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Elon Musk: Our stock price is obviously far too high

Tesla Motors' stock (TSLA) is caught in a wave of hype, leaving Tesla CEO Elon Musk grasping for the best way to describe the company's sky high valuation.

The last time we reported on Tesla Motors (TSLA) stock price, last April, it had just broken above $40 a share thanks to good news like posting the first profit in the company's history. Little did we know that today, five months later, the TSLA stock price would be nearing $160 a share, for a 4x gain. Many of us are kicking ourselves for not buying into TSLA at that stock price rally and becoming a Teslanaire. But in a CNBC interview published on Wednesday, Tesla CEO Elon Musk said things about Tesla's stock price that look very bad if taken out of context.

Musk really did say to CNBC's Philip LeBeau, "the valuation we have right now is more than we have any right to deserve," and "our stock price is obviously far too high" which surely caught the attention of shareholder class action lawsuits lawyers. But if you listen to his whole statement, rather than the sound-bites, what he said was very reasonable.

Theoretically, when the stock market agrees on a stock price, the market is determining a careful and reasoned valuation for a company. Stock price valuation is supposed to be based on a reasoned estimate of future earnings. But in practice the stock market sometimes has darling stocks that fly high based on hype rather than rational valuations.

What Elon Musk actually said is that the stock market valuation of Tesla's stock, if taken rationally, means the market believes Tesla Motors is going to succeed beyond anybody's wildest dreams: "I actually think the value of Tesla right now is .. the market is being very generous. And they're obviously giving us a lot of credit for future execution. So we'll do our best to honor the faith the market has placed in us," said Musk.

Does Musk believe the valuation for Tesla Motors makes any sense? He can't come right out and say something like "hey y'all, you've bid the company up way too high, tone it down a bit" because that would trigger a shareholder lawsuit. What he did say, stumbling around with the words to make sure he said it the correct way, is: "I really feel that the valuation we have right now is more than we have any right to deserve .. so it's not as though I ... I think we need to make sure we knock the ball out of the park in the coming years."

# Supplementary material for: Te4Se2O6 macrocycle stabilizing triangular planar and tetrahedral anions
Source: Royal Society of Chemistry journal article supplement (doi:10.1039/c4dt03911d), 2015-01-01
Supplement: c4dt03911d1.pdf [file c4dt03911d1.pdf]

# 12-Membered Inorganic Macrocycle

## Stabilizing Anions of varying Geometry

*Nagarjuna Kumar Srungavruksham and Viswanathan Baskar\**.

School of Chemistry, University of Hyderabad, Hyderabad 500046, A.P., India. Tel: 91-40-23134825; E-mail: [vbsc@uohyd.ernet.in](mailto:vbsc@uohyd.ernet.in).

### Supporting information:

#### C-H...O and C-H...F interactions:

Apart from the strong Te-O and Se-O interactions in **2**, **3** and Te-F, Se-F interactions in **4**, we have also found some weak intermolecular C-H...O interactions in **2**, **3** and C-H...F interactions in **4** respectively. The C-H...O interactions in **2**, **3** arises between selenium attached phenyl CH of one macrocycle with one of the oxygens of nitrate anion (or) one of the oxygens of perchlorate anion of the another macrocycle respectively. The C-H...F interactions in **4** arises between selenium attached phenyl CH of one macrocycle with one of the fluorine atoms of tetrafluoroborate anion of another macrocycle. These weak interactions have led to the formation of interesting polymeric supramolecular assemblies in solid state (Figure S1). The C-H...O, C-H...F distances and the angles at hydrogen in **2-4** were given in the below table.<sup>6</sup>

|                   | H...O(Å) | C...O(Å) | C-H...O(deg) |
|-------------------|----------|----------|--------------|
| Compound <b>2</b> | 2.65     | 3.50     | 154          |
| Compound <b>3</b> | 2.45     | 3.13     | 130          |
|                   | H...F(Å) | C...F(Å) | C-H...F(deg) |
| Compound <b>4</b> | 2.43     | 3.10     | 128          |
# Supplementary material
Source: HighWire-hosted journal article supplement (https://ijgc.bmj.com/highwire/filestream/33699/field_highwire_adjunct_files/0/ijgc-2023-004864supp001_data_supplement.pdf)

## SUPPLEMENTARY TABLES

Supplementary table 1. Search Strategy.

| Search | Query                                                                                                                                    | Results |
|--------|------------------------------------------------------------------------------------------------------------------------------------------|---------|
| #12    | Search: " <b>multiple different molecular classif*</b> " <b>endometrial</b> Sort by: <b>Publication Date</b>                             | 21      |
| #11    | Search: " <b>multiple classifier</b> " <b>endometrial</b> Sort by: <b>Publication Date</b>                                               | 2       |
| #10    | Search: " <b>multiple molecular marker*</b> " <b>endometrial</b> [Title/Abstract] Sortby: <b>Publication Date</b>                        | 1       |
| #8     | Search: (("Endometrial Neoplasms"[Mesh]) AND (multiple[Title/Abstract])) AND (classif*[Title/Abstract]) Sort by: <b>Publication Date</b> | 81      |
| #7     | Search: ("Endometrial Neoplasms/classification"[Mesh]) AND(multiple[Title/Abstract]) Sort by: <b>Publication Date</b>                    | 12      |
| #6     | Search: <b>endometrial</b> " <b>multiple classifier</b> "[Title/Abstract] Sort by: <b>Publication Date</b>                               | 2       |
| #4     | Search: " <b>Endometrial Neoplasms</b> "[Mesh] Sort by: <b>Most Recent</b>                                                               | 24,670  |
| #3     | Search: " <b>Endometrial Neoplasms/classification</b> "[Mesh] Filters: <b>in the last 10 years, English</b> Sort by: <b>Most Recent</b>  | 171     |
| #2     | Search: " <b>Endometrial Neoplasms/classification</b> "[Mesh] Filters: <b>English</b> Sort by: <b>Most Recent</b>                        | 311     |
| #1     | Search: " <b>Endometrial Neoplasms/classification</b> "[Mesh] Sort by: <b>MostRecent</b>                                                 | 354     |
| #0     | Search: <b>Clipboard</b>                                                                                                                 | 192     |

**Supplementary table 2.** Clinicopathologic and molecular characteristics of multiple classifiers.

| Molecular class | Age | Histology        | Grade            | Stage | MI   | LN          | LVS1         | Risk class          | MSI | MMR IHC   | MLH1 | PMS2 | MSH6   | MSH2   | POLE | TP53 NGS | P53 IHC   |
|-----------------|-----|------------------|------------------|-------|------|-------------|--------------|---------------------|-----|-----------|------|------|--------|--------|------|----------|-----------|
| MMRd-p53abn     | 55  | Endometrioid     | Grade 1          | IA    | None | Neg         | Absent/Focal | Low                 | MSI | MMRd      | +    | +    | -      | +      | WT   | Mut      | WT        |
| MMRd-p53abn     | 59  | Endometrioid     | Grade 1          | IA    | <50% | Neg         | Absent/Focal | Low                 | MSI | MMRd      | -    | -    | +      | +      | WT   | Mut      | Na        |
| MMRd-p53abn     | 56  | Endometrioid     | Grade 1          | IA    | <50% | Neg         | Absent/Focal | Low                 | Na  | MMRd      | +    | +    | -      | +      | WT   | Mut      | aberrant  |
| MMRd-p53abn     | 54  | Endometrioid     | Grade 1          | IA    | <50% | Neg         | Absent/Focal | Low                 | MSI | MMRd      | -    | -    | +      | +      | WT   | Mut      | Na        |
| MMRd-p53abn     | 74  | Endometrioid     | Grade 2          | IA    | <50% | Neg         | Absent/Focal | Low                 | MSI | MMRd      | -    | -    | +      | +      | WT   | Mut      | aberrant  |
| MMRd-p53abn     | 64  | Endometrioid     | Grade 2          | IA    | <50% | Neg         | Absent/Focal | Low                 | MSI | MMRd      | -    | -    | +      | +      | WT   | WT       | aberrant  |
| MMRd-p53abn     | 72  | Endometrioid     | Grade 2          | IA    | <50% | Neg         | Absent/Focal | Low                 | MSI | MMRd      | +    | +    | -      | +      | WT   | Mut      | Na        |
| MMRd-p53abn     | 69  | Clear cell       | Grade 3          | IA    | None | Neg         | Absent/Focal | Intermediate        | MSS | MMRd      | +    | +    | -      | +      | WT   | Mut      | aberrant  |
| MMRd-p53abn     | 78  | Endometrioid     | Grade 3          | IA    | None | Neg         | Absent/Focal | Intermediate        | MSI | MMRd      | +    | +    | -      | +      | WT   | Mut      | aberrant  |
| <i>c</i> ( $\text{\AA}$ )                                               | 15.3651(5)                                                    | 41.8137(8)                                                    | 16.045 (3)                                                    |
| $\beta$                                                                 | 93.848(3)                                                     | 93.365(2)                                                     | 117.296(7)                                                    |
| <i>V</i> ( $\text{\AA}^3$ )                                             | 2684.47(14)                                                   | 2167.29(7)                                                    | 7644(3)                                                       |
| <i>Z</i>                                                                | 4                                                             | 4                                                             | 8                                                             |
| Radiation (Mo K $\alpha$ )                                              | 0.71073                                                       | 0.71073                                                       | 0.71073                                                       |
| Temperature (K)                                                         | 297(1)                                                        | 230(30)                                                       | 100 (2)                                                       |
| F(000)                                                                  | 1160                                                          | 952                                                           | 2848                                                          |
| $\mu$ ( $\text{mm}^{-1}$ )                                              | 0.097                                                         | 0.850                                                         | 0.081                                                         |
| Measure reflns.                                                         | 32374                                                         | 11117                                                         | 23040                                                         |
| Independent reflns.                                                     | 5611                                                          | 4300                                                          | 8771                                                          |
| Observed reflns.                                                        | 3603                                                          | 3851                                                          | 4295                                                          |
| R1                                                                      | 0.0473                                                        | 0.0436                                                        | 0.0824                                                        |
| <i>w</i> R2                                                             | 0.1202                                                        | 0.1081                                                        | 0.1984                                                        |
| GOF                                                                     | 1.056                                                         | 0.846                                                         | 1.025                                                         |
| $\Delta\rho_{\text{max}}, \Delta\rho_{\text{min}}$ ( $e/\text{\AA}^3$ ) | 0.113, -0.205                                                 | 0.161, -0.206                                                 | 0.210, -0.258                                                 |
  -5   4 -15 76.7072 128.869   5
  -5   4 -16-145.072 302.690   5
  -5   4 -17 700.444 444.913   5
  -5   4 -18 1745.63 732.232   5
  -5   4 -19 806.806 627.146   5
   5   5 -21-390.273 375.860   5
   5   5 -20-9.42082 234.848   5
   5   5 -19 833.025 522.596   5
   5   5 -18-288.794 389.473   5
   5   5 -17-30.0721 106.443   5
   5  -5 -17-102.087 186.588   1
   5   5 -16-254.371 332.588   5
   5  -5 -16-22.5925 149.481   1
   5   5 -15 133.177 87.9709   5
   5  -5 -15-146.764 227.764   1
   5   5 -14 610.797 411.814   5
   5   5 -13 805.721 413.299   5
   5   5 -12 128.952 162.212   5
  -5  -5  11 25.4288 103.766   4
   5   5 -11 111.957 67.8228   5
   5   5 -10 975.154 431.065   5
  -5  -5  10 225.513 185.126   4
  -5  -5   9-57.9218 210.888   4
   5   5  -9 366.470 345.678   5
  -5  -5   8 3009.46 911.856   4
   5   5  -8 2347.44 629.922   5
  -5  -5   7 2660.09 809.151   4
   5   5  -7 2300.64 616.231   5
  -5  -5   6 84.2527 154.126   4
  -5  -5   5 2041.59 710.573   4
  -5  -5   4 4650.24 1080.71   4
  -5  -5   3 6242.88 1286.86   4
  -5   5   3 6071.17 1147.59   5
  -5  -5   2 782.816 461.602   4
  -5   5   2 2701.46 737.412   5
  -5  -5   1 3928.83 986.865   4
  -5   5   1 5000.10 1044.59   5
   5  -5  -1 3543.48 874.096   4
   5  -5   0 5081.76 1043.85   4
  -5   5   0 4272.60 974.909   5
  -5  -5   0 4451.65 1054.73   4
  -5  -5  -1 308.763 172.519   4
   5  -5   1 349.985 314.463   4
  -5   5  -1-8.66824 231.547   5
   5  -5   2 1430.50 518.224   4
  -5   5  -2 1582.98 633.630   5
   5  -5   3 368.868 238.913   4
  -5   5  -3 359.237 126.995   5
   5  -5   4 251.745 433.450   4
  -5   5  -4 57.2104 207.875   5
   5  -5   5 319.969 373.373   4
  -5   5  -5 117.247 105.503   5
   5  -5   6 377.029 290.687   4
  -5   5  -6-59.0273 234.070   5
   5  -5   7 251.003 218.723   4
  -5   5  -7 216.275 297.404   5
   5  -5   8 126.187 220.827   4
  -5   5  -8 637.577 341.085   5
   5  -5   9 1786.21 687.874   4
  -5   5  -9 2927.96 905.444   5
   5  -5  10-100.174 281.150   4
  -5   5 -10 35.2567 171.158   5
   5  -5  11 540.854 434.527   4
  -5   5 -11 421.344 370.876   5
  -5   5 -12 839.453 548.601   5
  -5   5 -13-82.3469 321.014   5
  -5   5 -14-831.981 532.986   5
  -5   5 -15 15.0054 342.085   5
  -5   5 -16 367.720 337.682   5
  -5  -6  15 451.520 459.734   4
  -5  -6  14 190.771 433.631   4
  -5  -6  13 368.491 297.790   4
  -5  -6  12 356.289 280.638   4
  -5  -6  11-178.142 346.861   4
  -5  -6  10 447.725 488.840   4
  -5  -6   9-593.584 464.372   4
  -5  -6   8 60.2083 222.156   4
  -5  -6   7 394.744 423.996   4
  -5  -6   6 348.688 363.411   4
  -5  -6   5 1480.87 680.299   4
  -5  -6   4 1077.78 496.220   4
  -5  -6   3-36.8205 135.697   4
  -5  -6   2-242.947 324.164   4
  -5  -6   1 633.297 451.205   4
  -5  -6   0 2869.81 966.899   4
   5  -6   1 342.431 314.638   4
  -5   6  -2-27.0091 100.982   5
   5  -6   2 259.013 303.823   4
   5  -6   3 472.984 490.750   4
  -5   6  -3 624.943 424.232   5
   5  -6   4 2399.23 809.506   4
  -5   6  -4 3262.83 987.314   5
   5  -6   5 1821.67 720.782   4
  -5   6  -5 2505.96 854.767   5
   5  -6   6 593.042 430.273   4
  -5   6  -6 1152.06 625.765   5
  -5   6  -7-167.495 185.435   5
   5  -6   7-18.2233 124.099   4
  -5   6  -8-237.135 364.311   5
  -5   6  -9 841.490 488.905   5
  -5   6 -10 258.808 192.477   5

Rather than say TSLA is overpriced, he said that Tesla Motors has got to "knock the ball out of the park" in order to live up to the market's expectations.

He closed appearing to say that Tesla's stock price is caught up in a hype bubble, and that the price may well fall if or when the current wave of exuberance falls off: "The market obviously goes through these periods of exuberance and depression. That means our stock has a lot of volatility because it depends so much on what people believe our future execution will be. Our stock price is obviously far too high based on historical financials, or even on current financials, ... So the value is very much based on what the future cash position will be like... as that confidence waxes and wanes we'll see fluctuation in the value of the company."

For the first quarter of 2013, Tesla posted their first profit ever after many years of posting losses. The profit was based on strong sales of the Tesla Model S, and those strong sales have continued. For the second quarter of 2013, the sales continued strong but because of the way sales have to be accounted with the new lease-like financing program Tesla posted a small loss for the quarter. The company is continuing to show strong sales growth, has started to deliver Model S's in Europe, and in generally really does seem to be knocking it out of the park.

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